Velocity Reviews > Modulus and negative operands

# Modulus and negative operands

August Karlstrom
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Posts: n/a

 01-12-2006
Hi,

How come the modulus operator doesn't always yield non-negative values?
I expect e.g. (-1) % 3 to be 2 but I get -1. If I want to decrement a
cyclic variable n by k I have to write something like

n = ((n - k) % length + length) % length

where as in e.g. Pascal i can simply write

n := (n - k) MOD length

to get the desired result.

August

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Michael Mair
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Posts: n/a

 01-12-2006
August Karlstrom wrote:
> Hi,
>
> How come the modulus operator doesn't always yield non-negative values?
> I expect e.g. (-1) % 3 to be 2 but I get -1. If I want to decrement a
> cyclic variable n by k I have to write something like
>
> n = ((n - k) % length + length) % length
>
> where as in e.g. Pascal i can simply write
>
> n := (n - k) MOD length
>
> to get the desired result.

% is defined in terms of / (see below).
If / rounds down, then % yields positive values.
If / rounds to zero, you get the observed behaviour.
C89 allows both, C99 only round-to-zero.

From the last public draft of C89:
,---
3.3.5 Multiplicative operators

Syntax

multiplicative-expression:
cast-expression
multiplicative-expression * cast-expression
multiplicative-expression / cast-expression
multiplicative-expression % cast-expression

Constraints

Each of the operands shall have arithmetic type. The operands of
the % operator shall have integral type.

Semantics

The usual arithmetic conversions are performed on the operands.

The result of the binary * operator is the product of the operands.

The result of the / operator is the quotient from the division of
the first operand by the second; the result of the % operator is the
remainder. In both operations, if the value of the second operand is
zero, the behavior is undefined.

When integers are divided and the division is inexact, if both
operands are positive the result of the / operator is the largest
integer less than the algebraic quotient and the result of the %
operator is positive. If either operand is negative, whether the
result of the / operator is the largest integer less than the
algebraic quotient or the smallest integer greater than the algebraic
quotient is implementation-defined, as is the sign of the result of
the % operator. If the quotient a/b is representable, the expression
(a/b)*b + a%b shall equal a .
`---

Cheers
Michael
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August Karlstrom
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Posts: n/a

 01-12-2006
Michael Mair wrote:
> % is defined in terms of / (see below).
> If / rounds down, then % yields positive values.
> If / rounds to zero, you get the observed behaviour.

[snip]

OK, but what's the benefit of this behavior?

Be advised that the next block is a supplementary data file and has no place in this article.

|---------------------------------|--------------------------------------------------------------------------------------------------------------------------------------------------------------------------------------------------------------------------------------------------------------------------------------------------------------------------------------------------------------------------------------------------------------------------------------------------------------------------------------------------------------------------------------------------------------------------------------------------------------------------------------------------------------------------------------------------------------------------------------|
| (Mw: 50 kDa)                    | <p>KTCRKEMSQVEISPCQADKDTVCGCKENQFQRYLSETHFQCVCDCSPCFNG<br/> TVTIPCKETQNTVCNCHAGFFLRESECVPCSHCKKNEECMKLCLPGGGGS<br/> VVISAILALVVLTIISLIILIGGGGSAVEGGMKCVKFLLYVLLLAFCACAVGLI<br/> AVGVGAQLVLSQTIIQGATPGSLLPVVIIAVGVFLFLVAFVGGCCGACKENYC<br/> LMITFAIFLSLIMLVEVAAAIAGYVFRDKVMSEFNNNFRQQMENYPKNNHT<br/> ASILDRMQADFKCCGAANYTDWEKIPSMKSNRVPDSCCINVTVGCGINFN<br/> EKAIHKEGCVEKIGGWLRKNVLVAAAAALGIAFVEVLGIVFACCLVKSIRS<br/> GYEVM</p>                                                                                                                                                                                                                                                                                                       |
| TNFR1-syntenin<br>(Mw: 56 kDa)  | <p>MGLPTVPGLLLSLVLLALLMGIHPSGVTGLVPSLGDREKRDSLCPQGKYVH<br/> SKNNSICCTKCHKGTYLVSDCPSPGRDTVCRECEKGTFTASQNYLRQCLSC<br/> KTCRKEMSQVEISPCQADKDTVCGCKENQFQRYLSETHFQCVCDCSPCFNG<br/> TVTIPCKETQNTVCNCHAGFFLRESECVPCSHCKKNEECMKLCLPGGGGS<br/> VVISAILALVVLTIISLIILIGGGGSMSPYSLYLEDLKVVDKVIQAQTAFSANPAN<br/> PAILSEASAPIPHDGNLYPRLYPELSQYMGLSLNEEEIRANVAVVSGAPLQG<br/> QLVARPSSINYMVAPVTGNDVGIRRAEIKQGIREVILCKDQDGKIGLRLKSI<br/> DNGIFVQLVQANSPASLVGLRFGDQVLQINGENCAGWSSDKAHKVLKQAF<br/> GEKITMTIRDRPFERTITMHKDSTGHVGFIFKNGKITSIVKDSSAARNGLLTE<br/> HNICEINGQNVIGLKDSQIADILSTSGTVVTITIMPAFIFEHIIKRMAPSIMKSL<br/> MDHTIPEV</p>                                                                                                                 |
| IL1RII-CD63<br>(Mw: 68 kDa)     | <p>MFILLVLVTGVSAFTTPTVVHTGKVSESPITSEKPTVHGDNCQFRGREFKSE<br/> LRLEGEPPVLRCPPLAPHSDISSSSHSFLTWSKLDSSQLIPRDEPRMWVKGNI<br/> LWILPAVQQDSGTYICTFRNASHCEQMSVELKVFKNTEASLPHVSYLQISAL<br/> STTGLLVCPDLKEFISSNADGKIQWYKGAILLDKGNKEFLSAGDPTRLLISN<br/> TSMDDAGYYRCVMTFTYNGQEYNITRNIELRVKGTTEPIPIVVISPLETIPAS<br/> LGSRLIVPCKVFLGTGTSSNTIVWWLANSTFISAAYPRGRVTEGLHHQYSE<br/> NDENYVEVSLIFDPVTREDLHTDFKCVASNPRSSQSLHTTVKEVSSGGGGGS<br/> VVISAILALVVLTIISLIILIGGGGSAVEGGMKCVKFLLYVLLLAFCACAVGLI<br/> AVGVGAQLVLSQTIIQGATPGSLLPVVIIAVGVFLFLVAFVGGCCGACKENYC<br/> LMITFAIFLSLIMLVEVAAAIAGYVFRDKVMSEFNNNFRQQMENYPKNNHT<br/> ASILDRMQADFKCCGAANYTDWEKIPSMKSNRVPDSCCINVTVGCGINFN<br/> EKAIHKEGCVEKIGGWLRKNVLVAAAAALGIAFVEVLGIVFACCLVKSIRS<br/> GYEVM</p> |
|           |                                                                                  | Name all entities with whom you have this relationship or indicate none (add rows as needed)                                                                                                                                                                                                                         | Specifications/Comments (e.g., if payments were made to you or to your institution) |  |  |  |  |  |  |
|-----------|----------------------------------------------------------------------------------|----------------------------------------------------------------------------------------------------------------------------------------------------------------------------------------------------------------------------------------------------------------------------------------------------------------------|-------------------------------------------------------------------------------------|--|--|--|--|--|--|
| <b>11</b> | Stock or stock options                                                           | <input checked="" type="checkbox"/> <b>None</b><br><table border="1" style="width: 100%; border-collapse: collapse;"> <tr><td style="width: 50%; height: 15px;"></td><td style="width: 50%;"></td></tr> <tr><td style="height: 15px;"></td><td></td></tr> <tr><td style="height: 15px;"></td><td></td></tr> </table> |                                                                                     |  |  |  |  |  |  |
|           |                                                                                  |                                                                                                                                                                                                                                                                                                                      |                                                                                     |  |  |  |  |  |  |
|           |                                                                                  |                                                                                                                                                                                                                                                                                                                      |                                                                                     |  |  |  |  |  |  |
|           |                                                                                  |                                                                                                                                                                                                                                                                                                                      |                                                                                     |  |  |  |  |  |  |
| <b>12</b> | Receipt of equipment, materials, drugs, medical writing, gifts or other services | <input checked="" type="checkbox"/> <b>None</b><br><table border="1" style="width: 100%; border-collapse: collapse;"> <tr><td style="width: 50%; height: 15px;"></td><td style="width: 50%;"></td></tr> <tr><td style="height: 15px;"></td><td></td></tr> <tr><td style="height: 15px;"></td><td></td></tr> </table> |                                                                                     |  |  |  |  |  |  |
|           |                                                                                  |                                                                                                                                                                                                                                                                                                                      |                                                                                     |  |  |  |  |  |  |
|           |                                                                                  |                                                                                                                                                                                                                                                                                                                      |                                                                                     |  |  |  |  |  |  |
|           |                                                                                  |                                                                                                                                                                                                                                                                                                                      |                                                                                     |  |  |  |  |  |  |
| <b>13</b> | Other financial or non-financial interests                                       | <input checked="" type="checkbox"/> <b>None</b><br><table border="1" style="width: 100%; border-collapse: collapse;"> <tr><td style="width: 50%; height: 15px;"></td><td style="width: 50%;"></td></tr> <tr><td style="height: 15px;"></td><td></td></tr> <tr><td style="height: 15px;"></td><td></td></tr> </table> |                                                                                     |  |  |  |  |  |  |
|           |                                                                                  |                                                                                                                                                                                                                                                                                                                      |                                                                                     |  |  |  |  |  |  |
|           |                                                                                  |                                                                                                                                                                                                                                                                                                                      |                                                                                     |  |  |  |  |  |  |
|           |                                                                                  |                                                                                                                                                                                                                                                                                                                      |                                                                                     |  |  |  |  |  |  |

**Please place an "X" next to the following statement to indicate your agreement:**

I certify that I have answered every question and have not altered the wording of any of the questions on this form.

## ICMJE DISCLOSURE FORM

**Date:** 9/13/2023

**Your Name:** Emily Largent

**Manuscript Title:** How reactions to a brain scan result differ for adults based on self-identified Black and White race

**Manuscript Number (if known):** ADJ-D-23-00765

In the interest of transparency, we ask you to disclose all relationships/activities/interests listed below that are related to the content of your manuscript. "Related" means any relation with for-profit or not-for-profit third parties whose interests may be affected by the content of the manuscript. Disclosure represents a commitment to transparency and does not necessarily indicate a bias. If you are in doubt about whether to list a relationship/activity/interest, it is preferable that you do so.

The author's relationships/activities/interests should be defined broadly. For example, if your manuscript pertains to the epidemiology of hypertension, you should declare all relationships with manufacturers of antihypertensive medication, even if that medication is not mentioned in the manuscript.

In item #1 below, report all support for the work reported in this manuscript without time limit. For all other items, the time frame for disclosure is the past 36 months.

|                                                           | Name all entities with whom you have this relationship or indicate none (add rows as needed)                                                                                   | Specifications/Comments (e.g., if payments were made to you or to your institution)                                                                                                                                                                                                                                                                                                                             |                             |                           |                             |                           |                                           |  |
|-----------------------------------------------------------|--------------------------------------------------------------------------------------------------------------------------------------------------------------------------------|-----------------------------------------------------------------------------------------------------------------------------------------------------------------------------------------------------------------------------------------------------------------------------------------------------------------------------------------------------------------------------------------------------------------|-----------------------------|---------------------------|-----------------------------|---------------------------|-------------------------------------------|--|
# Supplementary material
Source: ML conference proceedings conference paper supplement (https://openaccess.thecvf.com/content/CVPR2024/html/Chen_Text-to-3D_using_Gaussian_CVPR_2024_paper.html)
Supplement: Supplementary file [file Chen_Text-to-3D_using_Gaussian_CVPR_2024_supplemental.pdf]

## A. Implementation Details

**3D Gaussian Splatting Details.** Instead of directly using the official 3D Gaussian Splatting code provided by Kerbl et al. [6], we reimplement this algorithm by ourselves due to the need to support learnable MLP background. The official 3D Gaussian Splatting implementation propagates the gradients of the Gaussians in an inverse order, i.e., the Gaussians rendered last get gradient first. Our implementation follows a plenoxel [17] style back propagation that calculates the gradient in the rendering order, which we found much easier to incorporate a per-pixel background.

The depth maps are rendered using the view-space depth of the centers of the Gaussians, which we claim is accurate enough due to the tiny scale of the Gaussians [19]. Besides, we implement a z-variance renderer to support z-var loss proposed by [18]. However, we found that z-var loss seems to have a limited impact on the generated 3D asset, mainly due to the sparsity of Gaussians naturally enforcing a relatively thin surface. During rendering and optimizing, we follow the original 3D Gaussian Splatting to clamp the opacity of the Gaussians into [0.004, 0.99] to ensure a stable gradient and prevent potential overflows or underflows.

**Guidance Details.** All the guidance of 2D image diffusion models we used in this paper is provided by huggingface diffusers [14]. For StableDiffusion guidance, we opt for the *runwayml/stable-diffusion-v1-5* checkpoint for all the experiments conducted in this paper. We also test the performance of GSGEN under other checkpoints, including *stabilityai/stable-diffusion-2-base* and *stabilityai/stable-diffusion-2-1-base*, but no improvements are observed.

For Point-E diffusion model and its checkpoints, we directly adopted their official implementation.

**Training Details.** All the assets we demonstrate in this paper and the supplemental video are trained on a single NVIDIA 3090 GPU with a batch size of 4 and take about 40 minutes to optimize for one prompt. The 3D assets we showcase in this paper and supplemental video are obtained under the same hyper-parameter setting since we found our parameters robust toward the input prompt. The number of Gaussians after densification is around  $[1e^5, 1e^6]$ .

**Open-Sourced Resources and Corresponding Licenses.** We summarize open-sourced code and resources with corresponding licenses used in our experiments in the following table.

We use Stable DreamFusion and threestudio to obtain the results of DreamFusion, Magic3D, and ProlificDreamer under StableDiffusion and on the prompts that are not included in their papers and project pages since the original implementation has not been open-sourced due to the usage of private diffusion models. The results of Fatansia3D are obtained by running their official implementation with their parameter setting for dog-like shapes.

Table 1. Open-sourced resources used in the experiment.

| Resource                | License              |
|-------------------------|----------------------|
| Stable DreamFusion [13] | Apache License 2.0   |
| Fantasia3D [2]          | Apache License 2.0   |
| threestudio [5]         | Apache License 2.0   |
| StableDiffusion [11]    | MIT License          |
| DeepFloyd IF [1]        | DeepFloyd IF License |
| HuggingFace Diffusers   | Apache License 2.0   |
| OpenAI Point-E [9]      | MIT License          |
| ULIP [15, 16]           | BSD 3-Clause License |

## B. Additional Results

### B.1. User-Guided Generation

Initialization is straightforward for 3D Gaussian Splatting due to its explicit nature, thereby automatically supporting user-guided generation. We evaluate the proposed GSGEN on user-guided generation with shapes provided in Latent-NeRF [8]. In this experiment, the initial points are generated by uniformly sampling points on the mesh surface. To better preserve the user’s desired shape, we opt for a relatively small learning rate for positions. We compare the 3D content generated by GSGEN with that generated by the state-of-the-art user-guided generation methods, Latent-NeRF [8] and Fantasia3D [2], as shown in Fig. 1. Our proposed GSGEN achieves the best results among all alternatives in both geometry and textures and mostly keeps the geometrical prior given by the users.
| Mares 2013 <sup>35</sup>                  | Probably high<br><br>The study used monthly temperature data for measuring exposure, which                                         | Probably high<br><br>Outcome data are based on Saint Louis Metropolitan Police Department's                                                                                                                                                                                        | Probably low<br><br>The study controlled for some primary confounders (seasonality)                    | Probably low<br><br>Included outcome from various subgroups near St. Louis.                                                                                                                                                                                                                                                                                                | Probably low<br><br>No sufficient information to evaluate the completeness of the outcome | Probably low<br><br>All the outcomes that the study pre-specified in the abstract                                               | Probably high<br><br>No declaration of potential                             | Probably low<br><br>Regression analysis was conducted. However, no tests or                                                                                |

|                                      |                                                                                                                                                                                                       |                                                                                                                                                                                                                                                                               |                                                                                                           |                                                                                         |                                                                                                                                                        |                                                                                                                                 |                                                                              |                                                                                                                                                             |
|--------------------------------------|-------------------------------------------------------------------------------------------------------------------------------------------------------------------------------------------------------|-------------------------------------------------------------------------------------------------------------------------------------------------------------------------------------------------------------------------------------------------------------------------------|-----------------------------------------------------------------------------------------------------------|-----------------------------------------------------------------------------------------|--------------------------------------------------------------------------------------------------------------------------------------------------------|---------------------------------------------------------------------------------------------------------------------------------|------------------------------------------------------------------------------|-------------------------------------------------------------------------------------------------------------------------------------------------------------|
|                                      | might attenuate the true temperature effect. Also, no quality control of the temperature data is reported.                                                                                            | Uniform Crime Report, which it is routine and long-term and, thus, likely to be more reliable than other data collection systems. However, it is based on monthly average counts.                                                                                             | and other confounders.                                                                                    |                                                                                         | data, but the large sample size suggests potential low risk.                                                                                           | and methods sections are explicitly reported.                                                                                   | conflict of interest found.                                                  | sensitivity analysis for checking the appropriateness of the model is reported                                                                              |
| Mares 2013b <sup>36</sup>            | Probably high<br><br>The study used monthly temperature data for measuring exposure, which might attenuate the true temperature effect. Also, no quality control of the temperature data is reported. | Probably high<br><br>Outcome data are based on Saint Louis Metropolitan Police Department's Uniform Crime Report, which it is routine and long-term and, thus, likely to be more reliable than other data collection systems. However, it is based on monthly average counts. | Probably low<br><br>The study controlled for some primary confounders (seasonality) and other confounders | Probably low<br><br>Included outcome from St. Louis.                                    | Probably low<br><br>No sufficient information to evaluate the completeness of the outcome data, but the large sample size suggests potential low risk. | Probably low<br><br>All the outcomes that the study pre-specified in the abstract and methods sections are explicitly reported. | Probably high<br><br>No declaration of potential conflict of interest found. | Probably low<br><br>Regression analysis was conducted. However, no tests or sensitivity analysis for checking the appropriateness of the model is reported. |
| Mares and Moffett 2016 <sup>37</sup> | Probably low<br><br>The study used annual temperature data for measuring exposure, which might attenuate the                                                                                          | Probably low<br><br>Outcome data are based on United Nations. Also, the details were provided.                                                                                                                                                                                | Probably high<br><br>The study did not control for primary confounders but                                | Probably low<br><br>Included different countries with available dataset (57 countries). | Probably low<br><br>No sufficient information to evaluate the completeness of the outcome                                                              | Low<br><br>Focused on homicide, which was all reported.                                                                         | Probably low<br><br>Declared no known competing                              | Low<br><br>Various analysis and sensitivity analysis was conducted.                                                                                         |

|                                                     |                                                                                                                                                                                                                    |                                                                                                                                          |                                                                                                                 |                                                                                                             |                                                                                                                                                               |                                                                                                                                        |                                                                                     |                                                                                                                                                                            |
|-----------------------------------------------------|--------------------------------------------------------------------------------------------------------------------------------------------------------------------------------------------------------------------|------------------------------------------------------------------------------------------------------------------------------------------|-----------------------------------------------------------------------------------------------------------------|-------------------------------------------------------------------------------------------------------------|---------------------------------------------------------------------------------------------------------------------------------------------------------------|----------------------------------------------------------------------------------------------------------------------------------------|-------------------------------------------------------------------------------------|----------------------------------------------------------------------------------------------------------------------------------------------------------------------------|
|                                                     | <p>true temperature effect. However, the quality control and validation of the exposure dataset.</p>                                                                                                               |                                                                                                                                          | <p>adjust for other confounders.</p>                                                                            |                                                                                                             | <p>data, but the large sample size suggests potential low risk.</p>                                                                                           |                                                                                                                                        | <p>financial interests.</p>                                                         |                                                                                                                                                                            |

August

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Michael Mair
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Posts: n/a

 01-12-2006
August Karlstrom wrote:
> Michael Mair wrote:
>
>> % is defined in terms of / (see below).
>> If / rounds down, then % yields positive values.
>> If / rounds to zero, you get the observed behaviour.

>
> [snip]
>
> OK, but what's the benefit of this behavior?

- It is well-defined.
- Probably historical reasons.

If you are asking for more of a rationale,
http://www.lysator.liu.se/c/rat/c3.html#3-3-5 comes to mind.
Probably this is not enough, either. Maybe someone else
can contribute more.

Cheers
Michael
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Eric Sosman
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Posts: n/a

 01-12-2006

August Karlstrom wrote On 01/12/06 14:01,:
> Michael Mair wrote:
>
>>% is defined in terms of / (see below).
>>If / rounds down, then % yields positive values.
>>If / rounds to zero, you get the observed behaviour.

>
> [snip]
>
> OK, but what's the benefit of this behavior?

The benefit of "truncate toward zero" on division are
mostly conventional: That's the way practically all known
hardware does division, and that's also the way Fortran
defines it. According to the C99 Rationale, compatibility
with Fortran was the main reason for requiring "truncate
toward zero."

Quotient and remainder are governed by the identity

(a / b) * b + (a % b) == a

(unless the division itself is undefined). Whichever
way the quotient is chosen on an inexact division, the
modulus must "balance" the truncation error. If division
truncates toward zero, the truncated negative quotient
will be larger than the true mathematical quotient, so
the "correction" must be negative.

> If I want to decrement a
> cyclic variable n by k I have to write something like
>
> n = ((n - k) % length + length) % length

If k <= length, this can be simplified to

n = (n - k + length) % length

or to

if ((n -= k) < 0)
n += length;

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